The Mumbai-based venture hopes that people will go online — to the site or the app — when they make up their minds. If connected consumers are aware of the firm’s products — and of its rival Urban Ladder, backed by Kalaari Capital and SAIF Partners — many of them now say they want to touch and feel these pieces. To keep pace, both these companies are now tweaking their business models.
Pepperfry opened its first experience centre at Kanjurmarg in suburban Mumbai in late 2014 and has 20 such outposts across the country. Urban Ladder has two — a 3,500 sq ft centre at its headquarters in Yemlur, and a 750 sq ft sofa centre at HSR Layout, both suburbs of Bengaluru.
The latter provides a picture of the future for Urban Ladder: the centre is a fourth the size of traditional sofa sellers, yet stocking 60% of its sofa catalogue.
Initial reports suggest that consumers are buying the idea — the average offline basket size is at least thrice that of online purchases.
Meanwhile, in Pepperfry’s case, the firm is going from just experience centres to franchising its brand, with over 20 outlets expected to be opened by franchisees in the next year and a half. Ambareesh Murty, CEO and cofounder of Pepperfry, says, “We will expand by setting up offline franchisee stores in tier-2 and -3 towns and we are pushing to be profitable in 12 to 18 months.”
Urban Ladder wants to have at least four-five operational stores by this Diwali and 10-12 by the end of the financial year. To try to keep the cash burn down, the company is operating on the principle of less is more.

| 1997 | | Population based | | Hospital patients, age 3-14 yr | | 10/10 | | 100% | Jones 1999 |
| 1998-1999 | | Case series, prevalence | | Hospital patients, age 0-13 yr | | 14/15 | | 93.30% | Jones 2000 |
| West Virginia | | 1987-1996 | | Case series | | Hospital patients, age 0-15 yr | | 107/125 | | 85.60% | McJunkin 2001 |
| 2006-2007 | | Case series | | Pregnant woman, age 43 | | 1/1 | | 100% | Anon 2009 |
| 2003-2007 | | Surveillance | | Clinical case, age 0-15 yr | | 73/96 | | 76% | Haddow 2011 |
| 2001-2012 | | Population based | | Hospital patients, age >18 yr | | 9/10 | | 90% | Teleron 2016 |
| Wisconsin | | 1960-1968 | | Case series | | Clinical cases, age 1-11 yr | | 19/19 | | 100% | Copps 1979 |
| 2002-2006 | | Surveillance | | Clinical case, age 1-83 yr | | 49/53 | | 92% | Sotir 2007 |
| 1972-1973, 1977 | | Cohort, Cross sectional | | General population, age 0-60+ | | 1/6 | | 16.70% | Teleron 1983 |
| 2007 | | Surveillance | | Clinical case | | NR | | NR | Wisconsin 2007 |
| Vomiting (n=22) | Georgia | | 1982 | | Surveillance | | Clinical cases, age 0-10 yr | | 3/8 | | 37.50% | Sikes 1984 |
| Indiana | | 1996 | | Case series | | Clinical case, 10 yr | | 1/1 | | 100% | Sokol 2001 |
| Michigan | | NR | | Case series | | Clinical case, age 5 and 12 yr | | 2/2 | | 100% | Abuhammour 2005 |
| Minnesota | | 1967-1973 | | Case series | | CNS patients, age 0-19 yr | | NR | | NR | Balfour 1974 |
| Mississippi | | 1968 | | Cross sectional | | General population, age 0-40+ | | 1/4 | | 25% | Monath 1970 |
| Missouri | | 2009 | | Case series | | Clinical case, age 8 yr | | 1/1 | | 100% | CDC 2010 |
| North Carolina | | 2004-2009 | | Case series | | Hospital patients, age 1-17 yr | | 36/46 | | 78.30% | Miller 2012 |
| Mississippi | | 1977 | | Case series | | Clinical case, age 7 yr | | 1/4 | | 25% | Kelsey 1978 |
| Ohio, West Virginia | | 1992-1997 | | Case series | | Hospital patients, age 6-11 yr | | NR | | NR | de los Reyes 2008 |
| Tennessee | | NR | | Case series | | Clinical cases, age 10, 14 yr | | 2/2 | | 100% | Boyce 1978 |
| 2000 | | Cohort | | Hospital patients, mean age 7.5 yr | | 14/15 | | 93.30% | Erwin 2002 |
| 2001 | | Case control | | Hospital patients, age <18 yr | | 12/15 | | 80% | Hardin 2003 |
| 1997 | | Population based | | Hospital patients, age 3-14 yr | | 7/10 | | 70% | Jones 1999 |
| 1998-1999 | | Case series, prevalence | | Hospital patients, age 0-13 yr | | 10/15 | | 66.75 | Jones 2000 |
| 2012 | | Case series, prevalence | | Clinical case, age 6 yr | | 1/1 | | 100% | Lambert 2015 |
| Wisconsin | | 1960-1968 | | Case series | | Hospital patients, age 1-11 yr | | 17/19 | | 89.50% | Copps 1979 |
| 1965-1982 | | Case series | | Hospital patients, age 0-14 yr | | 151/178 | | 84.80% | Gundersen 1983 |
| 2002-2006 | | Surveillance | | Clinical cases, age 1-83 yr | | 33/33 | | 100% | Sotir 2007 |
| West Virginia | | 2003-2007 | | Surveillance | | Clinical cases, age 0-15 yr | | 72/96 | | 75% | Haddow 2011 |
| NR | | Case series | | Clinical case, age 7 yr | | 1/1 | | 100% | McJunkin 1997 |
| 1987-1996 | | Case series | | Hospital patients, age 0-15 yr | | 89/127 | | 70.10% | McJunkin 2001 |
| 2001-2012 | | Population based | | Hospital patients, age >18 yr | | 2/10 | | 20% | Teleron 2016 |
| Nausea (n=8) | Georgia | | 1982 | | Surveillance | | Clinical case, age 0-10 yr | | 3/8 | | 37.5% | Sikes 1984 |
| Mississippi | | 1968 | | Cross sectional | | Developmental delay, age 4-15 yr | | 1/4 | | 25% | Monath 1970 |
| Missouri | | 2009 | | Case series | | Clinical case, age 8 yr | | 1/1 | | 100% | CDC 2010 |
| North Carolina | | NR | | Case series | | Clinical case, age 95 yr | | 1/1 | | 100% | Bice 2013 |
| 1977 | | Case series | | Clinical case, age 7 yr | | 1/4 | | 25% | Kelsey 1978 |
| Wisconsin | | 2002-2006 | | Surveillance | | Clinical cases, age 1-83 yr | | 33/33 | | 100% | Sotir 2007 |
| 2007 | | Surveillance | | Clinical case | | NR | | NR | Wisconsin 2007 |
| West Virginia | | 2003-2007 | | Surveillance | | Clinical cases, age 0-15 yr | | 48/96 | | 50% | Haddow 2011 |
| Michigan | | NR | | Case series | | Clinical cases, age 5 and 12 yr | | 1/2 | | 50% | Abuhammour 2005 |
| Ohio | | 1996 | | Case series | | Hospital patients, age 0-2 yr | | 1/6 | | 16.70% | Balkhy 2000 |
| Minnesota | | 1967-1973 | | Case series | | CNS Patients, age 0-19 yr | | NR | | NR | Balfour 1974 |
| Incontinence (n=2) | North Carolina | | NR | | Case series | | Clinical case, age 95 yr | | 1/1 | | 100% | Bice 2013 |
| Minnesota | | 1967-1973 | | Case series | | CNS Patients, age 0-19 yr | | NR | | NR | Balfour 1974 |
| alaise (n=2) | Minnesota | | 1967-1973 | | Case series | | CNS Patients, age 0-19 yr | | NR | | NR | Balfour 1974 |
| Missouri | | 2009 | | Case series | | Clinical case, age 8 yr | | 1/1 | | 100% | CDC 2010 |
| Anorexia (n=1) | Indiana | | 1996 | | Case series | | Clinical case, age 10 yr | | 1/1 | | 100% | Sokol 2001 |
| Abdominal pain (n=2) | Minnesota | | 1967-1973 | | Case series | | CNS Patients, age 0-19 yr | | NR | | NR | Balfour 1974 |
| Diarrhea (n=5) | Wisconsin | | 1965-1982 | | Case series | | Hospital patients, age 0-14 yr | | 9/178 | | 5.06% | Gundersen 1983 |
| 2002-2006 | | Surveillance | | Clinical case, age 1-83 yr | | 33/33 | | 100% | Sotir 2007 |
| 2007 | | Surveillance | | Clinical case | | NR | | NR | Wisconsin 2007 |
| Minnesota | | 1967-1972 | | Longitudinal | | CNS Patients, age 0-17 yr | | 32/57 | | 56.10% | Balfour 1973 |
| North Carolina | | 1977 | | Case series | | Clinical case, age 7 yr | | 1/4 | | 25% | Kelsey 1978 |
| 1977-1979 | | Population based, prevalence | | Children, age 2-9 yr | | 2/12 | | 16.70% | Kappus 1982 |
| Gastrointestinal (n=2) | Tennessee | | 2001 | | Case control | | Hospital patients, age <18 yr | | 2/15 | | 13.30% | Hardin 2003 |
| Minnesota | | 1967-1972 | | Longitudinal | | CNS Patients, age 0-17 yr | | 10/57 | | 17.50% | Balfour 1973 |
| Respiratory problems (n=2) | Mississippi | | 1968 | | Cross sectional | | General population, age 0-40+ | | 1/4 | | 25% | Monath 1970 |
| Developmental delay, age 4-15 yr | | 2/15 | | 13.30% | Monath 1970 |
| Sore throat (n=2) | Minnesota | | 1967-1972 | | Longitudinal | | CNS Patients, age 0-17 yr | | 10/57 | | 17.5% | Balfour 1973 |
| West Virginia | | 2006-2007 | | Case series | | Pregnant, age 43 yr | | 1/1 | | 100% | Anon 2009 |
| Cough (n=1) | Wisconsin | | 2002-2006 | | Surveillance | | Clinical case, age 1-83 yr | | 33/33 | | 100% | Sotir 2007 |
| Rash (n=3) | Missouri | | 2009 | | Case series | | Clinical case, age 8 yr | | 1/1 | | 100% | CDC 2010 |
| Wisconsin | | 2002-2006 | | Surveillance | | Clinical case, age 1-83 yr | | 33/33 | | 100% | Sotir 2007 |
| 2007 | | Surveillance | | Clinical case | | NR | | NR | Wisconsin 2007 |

Both companies don’t have to look far back to be concerned. Fab Furnish, backed by the deep pockets of Rocket Internet, the German startup incubator, struggled to stay afloat for four years in a market that was driven by discounts and heavy cash burn. In April 2016, the firm was sold for under `10 crore to the Future Group.
Now, Fab Furnish as a brand may be shuttered entirely. “Compared with existing offline players, we have to be at least four times as efficient with our use of real estate to be as successful,” says Ashish Goel, CEO and cofounder, Urban Ladder. To do this, it will rely not just on clever architecture — creating multiple levels in a small space — but also leverage new technologies such as artificial and virtual reality to give consumers better insights on their options.
Urban Ladder expects to be profitable by March 2019, as it too expands aggressively offline. “We spent two years debating this offline push, but are now committed to this expansion.”
India’s largest furniture retailers (both bristle at the etailer tag) are making this strategic shift at a time when the industry itself is in transition. While unbranded and unorganised retailers may have held sway for decades, brands are now making a strong play for this market, online and offline.
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